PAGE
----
More than half of the small businesses that have not yet applied plan to or are considering it, according to the National Federation of Independent Business (NFIB), a trade group for small and independent businesses.
A report by the trade group says the program, largely operated by banks, and a second operated by the SBA to provide immediate cash while struggling businesses wait on loan approvals “have yet to deliver the loans, frustrating small business owners who are in immediate need of financial support.”
The survey found that just over half of small businesses have applied for the SBA’s smaller disaster loan program but that just 4 percent had been approved.
The survey reinforces the concerns of banks and small-business owners that the $349 billion Congress set aside for the Paycheck Protection Program will quickly be exhausted. Republicans and Democrats clashed on a proposed $250 billion increase in the program Thursday, leaving the path forward for additional federal intervention uncertain as the virus continues to tear through the economy.
The emergency small-business lending program got off to a rocky start, with most big banks saying they were not prepared to start processing applications when the program launched last Friday. But in less than a week, banks have said, they have received or processed applications worth at least $100 billion.
“Sometime next week #PPP will stop & no more #PPPloans will be made, leaving millions of #smallbusiness locked out,” Sen. Marco Rubio (R-Fla.) said Thursday on Twitter.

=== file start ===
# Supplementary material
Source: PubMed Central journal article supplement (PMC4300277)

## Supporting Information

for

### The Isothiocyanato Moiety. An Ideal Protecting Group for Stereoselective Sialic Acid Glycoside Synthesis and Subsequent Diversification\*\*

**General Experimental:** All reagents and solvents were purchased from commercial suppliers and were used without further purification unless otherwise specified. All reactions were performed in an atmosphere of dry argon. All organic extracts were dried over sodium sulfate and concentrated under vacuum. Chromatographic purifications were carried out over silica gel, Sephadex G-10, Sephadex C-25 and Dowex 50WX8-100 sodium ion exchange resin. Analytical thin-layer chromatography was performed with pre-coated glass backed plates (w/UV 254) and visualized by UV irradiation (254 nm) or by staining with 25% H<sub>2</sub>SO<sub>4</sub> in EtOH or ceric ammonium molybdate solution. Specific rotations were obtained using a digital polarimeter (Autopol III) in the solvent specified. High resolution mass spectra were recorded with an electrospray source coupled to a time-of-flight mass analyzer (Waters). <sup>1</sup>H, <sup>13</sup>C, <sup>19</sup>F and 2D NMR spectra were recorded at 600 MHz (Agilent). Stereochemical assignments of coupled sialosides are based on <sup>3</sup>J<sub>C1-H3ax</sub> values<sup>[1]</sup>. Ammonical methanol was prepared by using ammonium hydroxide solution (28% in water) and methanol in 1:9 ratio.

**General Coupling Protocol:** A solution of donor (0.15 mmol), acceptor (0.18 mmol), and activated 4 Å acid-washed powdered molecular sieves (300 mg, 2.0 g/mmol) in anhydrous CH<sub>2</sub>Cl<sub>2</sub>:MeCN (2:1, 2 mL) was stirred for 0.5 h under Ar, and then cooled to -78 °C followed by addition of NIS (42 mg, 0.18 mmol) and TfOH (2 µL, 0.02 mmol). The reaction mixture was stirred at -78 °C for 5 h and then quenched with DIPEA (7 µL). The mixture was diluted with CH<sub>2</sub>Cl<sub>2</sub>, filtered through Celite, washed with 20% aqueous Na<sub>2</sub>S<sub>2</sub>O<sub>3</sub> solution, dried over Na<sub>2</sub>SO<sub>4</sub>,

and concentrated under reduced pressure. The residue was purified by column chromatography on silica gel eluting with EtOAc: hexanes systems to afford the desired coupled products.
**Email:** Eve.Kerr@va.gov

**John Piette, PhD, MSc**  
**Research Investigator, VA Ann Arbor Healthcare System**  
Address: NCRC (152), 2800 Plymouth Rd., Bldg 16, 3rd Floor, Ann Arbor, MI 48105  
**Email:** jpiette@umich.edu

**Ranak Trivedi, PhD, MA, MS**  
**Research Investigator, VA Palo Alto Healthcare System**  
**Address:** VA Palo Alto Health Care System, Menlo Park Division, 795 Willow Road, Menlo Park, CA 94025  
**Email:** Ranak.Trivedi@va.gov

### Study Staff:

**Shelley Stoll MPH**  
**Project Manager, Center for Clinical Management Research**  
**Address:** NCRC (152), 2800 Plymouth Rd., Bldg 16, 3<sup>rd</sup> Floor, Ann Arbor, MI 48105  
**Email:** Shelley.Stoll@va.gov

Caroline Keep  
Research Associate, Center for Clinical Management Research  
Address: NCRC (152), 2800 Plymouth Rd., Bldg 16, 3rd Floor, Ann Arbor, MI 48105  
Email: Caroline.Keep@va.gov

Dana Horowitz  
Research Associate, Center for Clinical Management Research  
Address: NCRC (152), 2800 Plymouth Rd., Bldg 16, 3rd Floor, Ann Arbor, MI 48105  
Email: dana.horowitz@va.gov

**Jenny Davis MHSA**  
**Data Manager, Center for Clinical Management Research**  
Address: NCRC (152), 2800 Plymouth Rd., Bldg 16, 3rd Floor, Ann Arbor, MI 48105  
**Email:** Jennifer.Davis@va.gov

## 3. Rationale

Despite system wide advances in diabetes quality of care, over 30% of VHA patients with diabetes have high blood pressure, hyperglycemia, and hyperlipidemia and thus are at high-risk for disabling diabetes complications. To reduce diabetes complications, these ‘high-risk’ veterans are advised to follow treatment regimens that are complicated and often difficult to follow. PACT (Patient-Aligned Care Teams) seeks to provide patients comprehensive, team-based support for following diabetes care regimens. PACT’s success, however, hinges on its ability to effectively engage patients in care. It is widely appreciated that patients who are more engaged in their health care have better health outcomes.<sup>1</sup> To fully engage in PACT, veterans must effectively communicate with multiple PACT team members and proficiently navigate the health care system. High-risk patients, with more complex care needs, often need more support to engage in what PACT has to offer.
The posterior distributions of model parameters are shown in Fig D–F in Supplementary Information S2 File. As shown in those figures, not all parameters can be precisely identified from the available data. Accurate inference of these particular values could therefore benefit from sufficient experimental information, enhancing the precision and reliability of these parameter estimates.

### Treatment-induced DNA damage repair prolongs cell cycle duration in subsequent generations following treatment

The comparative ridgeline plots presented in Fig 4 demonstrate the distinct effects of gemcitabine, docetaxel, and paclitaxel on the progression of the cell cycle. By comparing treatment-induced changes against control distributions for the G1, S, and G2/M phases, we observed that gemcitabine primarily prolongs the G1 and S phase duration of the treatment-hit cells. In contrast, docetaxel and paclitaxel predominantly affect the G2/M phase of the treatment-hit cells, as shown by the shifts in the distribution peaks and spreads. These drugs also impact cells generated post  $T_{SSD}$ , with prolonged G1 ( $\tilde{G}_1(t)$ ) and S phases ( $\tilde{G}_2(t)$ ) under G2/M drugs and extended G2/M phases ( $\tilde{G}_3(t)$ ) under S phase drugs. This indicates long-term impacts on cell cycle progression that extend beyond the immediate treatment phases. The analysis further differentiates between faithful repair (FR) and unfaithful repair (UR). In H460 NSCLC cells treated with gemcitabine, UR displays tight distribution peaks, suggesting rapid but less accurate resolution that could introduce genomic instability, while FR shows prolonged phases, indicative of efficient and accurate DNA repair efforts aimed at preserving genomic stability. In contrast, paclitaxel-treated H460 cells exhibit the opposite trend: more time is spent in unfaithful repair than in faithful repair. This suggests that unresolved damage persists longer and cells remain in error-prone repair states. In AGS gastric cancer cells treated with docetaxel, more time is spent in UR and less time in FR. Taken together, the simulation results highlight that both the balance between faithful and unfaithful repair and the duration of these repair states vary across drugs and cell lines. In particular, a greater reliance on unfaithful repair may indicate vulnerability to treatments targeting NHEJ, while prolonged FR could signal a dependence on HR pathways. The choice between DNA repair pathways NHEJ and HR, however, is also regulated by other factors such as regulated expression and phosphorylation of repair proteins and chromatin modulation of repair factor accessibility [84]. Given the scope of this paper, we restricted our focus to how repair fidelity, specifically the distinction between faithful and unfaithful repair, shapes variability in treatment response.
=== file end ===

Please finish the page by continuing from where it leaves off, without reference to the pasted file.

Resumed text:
About 72 percent of those who tried to apply for a loan say they were successful in submitting an application, according to the survey. But since many banks are screening companies before supplying a formal application, it may be that some of those companies had completed only the first step, according to the trade group, which surveyed 884 small businesses Monday and Tuesday.
Most banks have limited applicants to existing customers, and the survey found that 1 percent of those who said they had successfully applied for a loan did not have an existing relationship with the lender.
The Paycheck Protection Program fund relies on banks to vet and approve loans of up to $10 million to small businesses with no more than 500 employees. The SBA backs the loans, which are offered at an ultralow interest rate. Small businesses can have the loans forgiven, meaning they will not have to pay it back, if they spend most of the money on retaining or rehiring employees.
About half of small-business owners had also applied for the Small Business Administration’s Economic Injury Disaster Loan, a long-standing SBA loan program managed by the government rather than the banks. That program has received extra firepower through legislation passed by Congress last month, the Cares Act, and is meant to give cash advances of up to $10,000 to businesses facing a short-term cash crunch.
Only 4 percent of those who applied had been approved, according to the survey. One percent were rejected. But most had not been given an answer.
None of the small businesses had received the loan or the emergency grant, according to the NFIB.
An earlier version of this report mistakenly described Rubio as a senator from Texas. He represents Florida.